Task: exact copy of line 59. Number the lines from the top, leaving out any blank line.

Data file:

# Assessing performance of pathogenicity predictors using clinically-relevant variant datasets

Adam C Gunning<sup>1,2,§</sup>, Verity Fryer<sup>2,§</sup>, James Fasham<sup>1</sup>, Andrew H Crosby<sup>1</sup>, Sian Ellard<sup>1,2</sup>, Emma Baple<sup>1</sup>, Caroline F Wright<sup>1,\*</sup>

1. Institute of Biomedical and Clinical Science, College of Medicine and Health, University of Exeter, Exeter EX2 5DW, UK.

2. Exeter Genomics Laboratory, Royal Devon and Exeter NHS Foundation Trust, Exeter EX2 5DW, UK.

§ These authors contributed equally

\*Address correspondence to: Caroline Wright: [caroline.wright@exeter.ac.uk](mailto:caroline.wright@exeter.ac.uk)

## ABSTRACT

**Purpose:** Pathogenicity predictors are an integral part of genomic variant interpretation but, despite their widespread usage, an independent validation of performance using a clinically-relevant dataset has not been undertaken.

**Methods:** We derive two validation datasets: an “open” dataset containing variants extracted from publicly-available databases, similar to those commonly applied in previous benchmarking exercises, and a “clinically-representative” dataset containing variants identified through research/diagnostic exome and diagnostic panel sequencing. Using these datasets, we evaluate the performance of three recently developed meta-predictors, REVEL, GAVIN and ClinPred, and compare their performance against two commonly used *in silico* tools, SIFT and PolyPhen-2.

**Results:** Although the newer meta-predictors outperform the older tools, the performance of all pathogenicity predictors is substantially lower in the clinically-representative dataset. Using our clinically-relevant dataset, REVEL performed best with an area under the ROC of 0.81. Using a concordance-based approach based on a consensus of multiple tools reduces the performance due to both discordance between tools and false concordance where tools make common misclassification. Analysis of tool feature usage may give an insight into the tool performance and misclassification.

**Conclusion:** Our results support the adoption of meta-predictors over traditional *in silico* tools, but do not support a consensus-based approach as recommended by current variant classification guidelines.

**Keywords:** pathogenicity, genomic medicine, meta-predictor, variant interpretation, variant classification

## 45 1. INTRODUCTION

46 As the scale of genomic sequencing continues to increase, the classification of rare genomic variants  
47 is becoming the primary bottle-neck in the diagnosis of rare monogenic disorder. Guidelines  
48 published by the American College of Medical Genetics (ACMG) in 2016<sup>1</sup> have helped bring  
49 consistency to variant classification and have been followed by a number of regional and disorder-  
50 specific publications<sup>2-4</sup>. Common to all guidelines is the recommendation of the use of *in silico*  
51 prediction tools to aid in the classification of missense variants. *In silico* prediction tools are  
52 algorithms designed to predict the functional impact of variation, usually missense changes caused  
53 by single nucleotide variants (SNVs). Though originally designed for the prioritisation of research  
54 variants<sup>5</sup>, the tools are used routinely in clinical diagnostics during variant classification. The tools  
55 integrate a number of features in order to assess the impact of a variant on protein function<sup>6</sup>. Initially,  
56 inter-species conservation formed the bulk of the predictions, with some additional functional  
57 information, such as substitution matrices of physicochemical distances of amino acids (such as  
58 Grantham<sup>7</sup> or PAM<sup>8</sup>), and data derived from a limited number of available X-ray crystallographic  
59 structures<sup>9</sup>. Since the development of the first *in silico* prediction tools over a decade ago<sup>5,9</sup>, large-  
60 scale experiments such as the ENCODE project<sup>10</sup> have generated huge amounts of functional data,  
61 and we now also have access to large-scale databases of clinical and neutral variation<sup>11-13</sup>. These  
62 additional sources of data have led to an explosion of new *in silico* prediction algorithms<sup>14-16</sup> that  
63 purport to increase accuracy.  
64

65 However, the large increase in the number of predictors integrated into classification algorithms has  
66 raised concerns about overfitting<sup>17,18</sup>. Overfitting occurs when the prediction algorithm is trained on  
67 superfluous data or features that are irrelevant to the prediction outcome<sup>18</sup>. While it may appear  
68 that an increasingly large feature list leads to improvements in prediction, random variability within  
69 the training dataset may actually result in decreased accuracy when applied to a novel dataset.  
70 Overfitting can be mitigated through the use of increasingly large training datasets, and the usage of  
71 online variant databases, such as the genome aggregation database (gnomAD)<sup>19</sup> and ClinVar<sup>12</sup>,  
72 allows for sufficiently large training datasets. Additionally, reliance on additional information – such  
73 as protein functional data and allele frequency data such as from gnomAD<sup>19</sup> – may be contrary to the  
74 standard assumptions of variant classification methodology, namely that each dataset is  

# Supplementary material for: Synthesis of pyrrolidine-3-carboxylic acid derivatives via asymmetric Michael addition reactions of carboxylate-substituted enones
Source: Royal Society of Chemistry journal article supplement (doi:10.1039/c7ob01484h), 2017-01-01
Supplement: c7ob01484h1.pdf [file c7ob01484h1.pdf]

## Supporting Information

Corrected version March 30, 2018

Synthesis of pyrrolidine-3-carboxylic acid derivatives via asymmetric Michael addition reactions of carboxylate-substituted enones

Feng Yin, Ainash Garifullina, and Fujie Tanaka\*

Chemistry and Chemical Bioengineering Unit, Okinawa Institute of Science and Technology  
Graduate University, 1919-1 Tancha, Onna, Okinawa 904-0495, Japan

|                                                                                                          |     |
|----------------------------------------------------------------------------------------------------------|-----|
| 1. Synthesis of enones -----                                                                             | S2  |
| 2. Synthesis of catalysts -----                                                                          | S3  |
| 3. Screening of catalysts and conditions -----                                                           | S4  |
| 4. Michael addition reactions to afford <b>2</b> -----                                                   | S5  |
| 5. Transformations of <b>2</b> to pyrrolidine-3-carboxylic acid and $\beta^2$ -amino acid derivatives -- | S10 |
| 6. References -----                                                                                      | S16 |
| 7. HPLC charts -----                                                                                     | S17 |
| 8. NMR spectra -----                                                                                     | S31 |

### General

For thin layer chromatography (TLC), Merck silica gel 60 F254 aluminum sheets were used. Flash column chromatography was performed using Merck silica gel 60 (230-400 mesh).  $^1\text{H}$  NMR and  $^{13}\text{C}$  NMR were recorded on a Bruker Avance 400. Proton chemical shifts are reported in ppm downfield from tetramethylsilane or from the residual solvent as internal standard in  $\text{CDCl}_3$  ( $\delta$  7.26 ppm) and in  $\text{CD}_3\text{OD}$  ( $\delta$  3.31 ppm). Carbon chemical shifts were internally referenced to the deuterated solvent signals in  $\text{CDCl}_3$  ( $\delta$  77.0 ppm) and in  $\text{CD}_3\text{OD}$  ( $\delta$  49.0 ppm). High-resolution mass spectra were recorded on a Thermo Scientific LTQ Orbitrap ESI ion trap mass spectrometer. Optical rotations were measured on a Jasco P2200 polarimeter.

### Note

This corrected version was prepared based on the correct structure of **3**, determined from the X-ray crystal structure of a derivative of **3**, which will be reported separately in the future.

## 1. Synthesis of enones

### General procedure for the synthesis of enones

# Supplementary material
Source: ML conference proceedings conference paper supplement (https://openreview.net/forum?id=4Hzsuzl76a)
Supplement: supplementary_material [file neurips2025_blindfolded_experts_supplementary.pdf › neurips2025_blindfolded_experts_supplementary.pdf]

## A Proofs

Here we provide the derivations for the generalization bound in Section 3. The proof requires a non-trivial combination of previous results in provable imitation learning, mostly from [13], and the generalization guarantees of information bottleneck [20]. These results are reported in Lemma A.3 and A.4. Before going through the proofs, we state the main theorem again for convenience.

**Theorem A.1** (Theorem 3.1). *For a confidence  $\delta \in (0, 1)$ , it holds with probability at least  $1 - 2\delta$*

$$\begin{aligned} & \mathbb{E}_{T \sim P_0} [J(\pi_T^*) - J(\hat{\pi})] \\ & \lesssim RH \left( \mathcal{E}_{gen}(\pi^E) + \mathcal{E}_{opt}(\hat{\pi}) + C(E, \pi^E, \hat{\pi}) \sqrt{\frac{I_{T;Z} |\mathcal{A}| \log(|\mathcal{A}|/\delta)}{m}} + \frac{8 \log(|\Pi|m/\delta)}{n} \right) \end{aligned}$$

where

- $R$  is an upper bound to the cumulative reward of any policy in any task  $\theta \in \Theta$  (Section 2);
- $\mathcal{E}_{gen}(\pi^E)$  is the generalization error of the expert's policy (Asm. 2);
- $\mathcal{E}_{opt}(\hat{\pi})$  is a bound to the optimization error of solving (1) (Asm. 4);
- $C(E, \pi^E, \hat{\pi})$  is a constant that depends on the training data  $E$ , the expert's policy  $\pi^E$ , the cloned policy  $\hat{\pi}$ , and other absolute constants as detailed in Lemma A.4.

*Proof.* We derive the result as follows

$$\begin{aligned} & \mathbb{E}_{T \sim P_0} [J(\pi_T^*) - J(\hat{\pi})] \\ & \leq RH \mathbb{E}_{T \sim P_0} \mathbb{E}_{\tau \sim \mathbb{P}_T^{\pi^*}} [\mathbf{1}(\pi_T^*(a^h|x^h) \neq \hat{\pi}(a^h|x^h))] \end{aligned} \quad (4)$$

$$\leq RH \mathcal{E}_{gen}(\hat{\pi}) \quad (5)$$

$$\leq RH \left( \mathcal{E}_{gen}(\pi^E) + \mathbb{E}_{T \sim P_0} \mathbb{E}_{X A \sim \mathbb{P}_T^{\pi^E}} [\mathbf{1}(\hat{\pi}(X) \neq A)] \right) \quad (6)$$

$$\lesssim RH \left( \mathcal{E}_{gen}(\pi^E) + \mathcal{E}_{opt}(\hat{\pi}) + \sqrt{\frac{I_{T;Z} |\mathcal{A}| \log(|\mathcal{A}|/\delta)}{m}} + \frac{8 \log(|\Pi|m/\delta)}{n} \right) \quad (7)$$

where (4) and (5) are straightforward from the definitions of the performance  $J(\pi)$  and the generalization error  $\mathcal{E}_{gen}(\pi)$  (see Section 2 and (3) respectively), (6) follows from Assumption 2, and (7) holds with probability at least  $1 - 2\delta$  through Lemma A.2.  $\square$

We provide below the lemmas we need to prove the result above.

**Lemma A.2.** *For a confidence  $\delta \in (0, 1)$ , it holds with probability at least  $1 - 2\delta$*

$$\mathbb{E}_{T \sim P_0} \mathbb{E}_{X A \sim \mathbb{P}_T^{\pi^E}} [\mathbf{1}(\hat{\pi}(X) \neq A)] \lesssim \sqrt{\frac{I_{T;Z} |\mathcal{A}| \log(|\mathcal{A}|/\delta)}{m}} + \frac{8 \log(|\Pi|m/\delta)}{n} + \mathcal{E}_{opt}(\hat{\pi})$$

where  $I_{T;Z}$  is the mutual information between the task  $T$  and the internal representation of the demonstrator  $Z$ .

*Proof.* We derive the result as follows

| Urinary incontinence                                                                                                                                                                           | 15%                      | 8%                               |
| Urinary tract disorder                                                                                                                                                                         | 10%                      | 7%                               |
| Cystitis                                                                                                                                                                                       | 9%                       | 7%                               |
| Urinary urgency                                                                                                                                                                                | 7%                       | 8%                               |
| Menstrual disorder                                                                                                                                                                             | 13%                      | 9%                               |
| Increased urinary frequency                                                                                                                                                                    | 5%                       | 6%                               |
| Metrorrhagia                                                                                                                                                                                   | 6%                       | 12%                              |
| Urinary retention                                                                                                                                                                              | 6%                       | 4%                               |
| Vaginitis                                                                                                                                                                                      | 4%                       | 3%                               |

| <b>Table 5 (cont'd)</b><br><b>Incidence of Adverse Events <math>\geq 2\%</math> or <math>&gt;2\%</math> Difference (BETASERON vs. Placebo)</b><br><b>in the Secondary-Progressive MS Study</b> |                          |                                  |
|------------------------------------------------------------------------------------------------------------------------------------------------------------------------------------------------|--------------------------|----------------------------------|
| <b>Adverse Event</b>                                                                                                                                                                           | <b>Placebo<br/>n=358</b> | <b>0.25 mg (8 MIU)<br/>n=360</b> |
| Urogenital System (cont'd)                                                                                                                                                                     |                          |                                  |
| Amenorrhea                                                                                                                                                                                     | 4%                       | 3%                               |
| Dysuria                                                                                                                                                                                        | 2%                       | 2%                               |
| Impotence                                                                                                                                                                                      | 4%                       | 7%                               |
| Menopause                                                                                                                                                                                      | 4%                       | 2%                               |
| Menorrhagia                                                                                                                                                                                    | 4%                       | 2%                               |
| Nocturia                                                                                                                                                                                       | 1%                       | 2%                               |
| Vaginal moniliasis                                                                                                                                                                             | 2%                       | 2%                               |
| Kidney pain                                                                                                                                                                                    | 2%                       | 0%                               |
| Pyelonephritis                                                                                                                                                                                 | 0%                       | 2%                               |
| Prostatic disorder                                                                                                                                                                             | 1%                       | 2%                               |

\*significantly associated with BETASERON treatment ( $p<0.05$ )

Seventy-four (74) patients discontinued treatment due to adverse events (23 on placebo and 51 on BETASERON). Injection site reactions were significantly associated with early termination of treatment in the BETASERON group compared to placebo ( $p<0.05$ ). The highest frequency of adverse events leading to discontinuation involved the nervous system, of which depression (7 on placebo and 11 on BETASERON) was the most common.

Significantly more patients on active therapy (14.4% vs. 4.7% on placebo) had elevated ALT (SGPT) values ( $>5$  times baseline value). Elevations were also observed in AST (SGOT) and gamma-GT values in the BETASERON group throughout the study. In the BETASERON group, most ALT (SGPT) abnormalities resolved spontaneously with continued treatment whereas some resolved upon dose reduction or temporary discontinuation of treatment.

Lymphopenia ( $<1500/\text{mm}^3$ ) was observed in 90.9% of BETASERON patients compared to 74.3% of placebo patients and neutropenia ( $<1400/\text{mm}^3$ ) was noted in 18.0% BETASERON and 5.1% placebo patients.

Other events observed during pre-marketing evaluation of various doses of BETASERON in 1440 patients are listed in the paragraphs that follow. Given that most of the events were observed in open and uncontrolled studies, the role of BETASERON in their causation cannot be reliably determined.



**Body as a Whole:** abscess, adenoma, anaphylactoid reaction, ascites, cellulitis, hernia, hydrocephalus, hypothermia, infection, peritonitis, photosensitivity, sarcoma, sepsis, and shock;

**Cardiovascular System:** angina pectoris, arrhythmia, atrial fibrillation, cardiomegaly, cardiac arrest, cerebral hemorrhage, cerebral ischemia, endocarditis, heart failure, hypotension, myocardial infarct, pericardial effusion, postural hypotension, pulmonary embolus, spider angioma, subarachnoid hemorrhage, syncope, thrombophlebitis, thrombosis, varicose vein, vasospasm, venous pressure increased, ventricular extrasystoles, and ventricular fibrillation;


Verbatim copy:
| 6. References -----                                                                                      | S16 |